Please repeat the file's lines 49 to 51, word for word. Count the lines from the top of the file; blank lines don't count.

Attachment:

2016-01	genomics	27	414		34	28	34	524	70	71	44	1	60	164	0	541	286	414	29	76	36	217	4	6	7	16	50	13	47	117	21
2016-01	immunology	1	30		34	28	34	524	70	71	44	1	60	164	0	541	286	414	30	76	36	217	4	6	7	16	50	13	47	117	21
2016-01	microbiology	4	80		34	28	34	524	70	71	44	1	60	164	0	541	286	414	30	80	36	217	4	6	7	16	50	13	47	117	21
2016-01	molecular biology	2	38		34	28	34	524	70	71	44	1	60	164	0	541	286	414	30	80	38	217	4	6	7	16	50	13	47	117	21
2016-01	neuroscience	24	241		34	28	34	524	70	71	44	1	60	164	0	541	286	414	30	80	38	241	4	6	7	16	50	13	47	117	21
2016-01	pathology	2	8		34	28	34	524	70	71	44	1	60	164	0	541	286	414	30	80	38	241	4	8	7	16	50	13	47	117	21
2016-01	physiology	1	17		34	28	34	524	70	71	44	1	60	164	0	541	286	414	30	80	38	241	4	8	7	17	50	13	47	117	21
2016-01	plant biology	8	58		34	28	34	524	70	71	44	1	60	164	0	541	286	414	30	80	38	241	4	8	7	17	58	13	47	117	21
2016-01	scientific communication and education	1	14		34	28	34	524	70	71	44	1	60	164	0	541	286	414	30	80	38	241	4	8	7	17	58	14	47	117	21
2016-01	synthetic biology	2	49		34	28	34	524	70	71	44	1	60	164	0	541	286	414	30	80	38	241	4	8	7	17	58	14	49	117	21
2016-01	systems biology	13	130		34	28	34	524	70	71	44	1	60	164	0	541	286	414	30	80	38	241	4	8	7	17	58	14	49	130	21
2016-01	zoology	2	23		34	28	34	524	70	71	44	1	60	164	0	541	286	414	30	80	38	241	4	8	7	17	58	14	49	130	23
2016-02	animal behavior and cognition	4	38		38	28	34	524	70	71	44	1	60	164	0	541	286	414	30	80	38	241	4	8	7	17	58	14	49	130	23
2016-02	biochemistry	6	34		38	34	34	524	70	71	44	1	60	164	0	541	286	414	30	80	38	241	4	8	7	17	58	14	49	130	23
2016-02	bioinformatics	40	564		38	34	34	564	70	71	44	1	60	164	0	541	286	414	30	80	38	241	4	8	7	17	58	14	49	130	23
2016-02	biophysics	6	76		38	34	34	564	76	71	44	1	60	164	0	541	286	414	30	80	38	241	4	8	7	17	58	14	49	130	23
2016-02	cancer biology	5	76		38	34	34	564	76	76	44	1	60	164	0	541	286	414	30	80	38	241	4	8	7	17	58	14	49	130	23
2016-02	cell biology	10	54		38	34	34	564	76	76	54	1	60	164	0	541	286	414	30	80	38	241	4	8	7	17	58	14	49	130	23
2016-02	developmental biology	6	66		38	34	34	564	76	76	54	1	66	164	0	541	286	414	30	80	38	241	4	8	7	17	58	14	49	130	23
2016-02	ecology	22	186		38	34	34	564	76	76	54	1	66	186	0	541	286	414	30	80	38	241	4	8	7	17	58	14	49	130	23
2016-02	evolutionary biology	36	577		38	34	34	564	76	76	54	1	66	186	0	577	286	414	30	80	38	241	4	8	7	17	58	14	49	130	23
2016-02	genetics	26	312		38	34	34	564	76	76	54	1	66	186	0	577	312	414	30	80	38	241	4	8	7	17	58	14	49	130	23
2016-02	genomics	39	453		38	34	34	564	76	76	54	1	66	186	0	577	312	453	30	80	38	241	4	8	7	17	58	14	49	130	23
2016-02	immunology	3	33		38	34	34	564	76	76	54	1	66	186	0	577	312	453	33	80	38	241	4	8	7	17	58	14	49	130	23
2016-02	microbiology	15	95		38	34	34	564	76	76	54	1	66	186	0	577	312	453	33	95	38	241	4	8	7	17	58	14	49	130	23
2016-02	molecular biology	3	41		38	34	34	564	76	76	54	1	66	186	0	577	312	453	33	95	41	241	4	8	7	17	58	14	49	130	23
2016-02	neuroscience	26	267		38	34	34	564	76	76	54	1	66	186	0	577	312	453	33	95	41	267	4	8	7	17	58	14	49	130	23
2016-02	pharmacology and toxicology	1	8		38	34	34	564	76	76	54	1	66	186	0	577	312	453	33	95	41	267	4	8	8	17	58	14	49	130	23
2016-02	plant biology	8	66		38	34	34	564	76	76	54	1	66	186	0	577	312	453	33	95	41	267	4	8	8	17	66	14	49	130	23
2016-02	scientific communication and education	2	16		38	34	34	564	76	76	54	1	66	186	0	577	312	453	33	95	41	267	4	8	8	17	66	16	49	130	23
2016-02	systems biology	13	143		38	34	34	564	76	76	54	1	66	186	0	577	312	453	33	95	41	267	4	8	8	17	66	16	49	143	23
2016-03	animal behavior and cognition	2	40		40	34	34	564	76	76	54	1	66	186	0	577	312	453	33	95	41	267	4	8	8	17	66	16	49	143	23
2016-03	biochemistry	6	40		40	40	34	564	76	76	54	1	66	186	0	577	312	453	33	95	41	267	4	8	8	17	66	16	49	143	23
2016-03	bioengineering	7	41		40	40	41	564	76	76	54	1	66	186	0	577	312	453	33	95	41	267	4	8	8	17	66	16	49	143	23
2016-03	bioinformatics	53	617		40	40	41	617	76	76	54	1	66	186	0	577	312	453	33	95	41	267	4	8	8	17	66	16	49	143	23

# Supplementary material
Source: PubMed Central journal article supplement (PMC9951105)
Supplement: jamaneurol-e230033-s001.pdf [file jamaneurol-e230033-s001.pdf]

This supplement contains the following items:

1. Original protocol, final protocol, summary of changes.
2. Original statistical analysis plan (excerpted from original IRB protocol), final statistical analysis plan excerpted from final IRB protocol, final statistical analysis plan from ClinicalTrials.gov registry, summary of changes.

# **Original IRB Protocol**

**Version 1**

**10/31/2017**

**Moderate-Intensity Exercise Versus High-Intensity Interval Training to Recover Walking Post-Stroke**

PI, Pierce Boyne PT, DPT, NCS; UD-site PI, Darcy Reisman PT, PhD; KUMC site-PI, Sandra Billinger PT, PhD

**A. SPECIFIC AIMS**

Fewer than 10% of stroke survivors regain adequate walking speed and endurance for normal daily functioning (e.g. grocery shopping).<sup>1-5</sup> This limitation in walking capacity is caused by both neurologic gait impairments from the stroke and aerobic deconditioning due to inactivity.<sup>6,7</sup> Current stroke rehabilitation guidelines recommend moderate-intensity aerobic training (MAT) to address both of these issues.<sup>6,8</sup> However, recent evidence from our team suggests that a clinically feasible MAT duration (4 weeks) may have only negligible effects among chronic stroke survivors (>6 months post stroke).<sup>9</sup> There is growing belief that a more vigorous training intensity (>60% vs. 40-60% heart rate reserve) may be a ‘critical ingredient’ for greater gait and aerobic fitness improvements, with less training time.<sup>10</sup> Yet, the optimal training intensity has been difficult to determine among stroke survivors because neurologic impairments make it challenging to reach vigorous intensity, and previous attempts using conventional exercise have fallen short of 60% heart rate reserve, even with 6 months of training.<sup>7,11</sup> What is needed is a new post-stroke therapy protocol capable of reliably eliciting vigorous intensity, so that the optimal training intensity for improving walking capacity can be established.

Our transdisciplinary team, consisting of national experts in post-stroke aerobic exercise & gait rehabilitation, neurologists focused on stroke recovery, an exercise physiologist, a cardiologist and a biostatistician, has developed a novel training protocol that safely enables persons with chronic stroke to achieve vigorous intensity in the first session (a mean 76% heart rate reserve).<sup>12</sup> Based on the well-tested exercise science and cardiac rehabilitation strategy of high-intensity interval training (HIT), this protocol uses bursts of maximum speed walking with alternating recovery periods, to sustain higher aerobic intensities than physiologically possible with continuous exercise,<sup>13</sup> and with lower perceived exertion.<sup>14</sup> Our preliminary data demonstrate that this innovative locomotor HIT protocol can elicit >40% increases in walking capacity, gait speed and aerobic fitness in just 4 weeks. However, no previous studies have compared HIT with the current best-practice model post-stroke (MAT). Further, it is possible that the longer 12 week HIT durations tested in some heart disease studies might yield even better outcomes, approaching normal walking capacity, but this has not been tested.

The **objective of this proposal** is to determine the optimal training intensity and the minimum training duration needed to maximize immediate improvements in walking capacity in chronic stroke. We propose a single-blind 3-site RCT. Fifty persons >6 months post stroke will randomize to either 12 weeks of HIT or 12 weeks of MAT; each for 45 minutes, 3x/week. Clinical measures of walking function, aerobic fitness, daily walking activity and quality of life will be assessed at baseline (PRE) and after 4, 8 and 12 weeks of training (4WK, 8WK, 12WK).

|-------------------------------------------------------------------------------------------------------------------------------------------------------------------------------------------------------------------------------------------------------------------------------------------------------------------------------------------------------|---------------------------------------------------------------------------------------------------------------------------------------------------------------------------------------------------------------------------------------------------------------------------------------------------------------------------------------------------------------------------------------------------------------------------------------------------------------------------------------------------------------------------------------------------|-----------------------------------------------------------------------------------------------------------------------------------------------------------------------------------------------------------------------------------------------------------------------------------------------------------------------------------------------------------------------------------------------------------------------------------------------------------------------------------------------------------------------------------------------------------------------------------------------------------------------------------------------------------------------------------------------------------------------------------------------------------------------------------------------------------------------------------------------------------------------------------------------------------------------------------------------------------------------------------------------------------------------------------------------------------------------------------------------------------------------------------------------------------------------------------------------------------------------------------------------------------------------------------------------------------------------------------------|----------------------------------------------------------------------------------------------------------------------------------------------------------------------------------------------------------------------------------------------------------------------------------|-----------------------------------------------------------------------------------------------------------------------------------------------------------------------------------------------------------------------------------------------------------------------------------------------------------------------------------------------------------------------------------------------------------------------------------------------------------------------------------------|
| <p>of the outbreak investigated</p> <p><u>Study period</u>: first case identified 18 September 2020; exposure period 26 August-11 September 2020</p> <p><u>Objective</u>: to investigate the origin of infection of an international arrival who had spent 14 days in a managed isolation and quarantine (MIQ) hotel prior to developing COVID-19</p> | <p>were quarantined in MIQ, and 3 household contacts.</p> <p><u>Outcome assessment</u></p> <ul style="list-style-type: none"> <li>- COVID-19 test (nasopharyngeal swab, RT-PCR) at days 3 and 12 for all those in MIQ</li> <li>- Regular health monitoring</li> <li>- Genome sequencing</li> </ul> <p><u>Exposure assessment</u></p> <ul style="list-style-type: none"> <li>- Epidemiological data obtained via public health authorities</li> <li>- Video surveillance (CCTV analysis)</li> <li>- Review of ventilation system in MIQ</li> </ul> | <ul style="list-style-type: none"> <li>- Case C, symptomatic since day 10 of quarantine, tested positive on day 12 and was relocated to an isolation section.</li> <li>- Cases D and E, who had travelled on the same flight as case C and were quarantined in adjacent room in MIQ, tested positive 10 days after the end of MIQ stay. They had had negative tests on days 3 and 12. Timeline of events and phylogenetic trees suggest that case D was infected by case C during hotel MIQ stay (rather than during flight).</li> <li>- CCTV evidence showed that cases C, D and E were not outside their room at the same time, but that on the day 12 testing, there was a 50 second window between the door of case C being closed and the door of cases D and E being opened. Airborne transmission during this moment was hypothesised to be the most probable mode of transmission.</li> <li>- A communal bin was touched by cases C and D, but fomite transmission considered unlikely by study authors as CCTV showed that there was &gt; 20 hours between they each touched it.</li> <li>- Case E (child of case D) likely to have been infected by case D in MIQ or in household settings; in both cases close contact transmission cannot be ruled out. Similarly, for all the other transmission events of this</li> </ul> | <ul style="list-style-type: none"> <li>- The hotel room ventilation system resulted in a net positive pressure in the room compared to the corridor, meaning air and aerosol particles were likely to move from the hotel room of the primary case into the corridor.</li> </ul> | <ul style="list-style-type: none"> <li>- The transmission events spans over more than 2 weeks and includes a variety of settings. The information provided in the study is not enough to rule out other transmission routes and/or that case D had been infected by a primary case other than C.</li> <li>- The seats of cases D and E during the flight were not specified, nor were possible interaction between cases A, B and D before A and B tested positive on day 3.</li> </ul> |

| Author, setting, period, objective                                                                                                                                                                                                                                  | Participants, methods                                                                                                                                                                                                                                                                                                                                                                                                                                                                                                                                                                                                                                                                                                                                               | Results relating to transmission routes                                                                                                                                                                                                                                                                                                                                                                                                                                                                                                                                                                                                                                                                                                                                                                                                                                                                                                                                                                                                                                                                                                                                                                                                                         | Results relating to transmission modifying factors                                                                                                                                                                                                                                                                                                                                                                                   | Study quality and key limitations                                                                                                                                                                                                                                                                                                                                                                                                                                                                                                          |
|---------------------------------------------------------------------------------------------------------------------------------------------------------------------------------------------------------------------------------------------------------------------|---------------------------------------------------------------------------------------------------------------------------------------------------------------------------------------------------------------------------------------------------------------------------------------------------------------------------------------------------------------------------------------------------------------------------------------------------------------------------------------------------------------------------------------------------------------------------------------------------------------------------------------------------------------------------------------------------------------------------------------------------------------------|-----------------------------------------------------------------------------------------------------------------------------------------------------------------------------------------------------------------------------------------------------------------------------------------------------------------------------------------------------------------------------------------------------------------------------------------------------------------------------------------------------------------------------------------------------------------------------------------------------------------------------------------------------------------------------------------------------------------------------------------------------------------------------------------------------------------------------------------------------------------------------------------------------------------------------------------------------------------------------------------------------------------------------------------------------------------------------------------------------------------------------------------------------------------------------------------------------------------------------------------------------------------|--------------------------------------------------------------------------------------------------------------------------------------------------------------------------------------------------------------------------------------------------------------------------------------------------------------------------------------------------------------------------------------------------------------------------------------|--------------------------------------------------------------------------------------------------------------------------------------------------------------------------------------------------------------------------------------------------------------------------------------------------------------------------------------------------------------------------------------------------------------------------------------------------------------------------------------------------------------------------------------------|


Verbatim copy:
Our transdisciplinary team, consisting of national experts in post-stroke aerobic exercise & gait rehabilitation, neurologists focused on stroke recovery, an exercise physiologist, a cardiologist and a biostatistician, has developed a novel training protocol that safely enables persons with chronic stroke to achieve vigorous intensity in the first session (a mean 76% heart rate reserve).<sup>12</sup> Based on the well-tested exercise science and cardiac rehabilitation strategy of high-intensity interval training (HIT), this protocol uses bursts of maximum speed walking with alternating recovery periods, to sustain higher aerobic intensities than physiologically possible with continuous exercise,<sup>13</sup> and with lower perceived exertion.<sup>14</sup> Our preliminary data demonstrate that this innovative locomotor HIT protocol can elicit >40% increases in walking capacity, gait speed and aerobic fitness in just 4 weeks. However, no previous studies have compared HIT with the current best-practice model post-stroke (MAT). Further, it is possible that the longer 12 week HIT durations tested in some heart disease studies might yield even better outcomes, approaching normal walking capacity, but this has not been tested.

The **objective of this proposal** is to determine the optimal training intensity and the minimum training duration needed to maximize immediate improvements in walking capacity in chronic stroke. We propose a single-blind 3-site RCT. Fifty persons >6 months post stroke will randomize to either 12 weeks of HIT or 12 weeks of MAT; each for 45 minutes, 3x/week. Clinical measures of walking function, aerobic fitness, daily walking activity and quality of life will be assessed at baseline (PRE) and after 4, 8 and 12 weeks of training (4WK, 8WK, 12WK).

|-------------------------------------------------------------------------------------------------------------------------------------------------------------------------------------------------------------------------------------------------------------------------------------------------------------------------------------------------------|---------------------------------------------------------------------------------------------------------------------------------------------------------------------------------------------------------------------------------------------------------------------------------------------------------------------------------------------------------------------------------------------------------------------------------------------------------------------------------------------------------------------------------------------------|-----------------------------------------------------------------------------------------------------------------------------------------------------------------------------------------------------------------------------------------------------------------------------------------------------------------------------------------------------------------------------------------------------------------------------------------------------------------------------------------------------------------------------------------------------------------------------------------------------------------------------------------------------------------------------------------------------------------------------------------------------------------------------------------------------------------------------------------------------------------------------------------------------------------------------------------------------------------------------------------------------------------------------------------------------------------------------------------------------------------------------------------------------------------------------------------------------------------------------------------------------------------------------------------------------------------------------------------|----------------------------------------------------------------------------------------------------------------------------------------------------------------------------------------------------------------------------------------------------------------------------------|-----------------------------------------------------------------------------------------------------------------------------------------------------------------------------------------------------------------------------------------------------------------------------------------------------------------------------------------------------------------------------------------------------------------------------------------------------------------------------------------|